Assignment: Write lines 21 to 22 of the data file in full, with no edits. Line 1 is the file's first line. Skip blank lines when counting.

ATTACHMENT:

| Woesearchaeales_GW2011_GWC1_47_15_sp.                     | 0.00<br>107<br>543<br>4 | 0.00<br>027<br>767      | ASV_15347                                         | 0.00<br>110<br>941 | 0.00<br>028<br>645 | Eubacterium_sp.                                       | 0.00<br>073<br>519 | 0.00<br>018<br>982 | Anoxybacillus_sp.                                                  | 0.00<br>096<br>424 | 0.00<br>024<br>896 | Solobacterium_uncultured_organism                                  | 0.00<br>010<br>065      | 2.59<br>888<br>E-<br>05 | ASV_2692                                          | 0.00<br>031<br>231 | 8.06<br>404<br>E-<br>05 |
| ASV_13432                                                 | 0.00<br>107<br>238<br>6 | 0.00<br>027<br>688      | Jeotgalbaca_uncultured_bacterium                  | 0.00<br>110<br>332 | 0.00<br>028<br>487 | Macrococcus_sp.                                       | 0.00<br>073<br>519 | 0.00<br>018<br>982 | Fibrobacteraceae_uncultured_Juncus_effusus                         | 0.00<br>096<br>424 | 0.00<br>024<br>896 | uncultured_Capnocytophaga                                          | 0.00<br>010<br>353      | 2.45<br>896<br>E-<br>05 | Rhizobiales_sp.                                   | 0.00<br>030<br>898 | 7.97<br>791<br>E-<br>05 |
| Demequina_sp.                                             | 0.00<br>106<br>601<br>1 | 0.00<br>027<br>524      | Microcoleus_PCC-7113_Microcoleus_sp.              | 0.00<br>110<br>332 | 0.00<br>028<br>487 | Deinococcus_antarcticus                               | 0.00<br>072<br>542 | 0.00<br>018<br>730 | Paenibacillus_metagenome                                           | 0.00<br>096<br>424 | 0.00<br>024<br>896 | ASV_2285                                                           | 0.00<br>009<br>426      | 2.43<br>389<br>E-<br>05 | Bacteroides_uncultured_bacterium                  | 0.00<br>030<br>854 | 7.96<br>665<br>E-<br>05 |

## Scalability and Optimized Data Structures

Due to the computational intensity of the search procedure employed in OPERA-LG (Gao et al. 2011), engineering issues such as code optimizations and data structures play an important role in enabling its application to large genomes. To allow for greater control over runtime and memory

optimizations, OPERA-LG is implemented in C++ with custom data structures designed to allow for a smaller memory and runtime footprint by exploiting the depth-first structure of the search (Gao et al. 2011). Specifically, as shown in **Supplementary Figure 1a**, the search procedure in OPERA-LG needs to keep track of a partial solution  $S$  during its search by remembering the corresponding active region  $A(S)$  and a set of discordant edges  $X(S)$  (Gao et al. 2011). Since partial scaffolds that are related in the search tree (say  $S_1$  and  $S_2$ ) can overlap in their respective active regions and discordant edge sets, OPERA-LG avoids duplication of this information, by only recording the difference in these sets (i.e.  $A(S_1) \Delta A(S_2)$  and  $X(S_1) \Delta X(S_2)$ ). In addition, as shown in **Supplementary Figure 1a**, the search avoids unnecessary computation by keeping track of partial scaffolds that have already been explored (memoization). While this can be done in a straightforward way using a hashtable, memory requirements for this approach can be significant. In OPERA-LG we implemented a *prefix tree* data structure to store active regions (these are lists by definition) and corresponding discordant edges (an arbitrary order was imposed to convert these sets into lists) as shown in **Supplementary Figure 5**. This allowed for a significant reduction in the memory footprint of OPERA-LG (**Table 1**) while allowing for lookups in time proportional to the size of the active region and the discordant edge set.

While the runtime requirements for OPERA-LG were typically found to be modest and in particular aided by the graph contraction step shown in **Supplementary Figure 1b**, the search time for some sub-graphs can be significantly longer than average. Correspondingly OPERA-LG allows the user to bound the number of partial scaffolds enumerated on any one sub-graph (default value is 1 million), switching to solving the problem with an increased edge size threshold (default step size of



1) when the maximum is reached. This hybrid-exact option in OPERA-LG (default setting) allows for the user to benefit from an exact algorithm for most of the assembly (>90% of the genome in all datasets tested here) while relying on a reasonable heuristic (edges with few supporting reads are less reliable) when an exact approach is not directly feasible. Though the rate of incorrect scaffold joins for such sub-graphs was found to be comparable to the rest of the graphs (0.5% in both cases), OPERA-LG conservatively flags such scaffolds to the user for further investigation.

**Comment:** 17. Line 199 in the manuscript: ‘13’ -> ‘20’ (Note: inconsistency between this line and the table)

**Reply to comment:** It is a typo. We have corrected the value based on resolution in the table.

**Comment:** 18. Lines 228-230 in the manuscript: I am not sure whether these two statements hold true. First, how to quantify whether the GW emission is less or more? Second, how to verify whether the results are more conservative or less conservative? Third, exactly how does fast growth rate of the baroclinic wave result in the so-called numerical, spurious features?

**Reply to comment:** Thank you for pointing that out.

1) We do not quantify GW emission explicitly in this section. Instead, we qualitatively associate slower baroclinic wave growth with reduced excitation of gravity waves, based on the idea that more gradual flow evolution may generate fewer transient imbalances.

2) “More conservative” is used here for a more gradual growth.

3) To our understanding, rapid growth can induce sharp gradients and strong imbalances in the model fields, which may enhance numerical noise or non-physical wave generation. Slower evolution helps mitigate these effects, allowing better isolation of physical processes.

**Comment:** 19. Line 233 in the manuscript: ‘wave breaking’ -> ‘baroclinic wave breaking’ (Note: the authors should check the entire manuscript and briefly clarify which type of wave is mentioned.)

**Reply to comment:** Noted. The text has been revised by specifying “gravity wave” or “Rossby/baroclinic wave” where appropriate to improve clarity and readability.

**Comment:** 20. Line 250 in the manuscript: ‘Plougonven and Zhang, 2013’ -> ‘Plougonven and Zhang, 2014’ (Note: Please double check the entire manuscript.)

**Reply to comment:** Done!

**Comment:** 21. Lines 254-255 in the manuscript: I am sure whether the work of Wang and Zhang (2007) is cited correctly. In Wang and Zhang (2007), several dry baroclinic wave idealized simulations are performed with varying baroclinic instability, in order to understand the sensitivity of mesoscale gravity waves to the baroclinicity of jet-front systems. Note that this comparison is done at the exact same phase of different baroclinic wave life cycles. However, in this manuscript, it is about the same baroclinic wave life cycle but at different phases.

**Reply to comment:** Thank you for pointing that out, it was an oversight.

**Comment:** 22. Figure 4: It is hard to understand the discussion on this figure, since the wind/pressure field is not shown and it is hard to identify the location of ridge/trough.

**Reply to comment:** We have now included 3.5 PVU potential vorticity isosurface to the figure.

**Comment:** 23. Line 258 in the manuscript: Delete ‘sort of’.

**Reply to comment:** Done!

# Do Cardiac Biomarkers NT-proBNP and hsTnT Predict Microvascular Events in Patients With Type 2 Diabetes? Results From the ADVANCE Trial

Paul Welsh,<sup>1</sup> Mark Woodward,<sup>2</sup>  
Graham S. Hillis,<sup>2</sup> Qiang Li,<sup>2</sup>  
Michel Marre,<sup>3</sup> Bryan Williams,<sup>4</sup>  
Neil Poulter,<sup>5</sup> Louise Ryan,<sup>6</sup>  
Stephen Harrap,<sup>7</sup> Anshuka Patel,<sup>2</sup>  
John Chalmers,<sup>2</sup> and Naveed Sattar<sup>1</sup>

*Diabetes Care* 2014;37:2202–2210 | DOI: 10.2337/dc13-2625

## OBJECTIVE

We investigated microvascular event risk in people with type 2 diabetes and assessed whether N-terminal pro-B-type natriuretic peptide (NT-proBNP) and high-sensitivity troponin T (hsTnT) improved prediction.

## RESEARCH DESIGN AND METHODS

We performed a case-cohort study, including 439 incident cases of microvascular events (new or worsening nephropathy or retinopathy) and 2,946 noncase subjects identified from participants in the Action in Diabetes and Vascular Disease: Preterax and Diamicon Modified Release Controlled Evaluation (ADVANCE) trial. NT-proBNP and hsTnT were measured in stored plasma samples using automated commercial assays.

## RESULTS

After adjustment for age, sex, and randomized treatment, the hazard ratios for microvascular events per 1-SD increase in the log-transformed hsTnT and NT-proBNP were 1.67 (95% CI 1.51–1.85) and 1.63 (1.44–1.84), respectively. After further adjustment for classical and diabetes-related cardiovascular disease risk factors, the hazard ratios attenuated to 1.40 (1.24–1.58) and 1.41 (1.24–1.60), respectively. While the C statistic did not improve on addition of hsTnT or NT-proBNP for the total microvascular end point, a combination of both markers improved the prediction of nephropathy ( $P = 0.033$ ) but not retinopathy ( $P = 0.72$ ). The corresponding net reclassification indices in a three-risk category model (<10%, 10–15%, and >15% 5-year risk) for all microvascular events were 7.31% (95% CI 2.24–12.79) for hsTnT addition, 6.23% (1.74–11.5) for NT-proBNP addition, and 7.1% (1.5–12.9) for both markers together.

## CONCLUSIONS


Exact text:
**Reply to comment:** Thank you for pointing that out, it was an oversight.

**Comment:** 22. Figure 4: It is hard to understand the discussion on this figure, since the wind/pressure field is not shown and it is hard to identify the location of ridge/trough.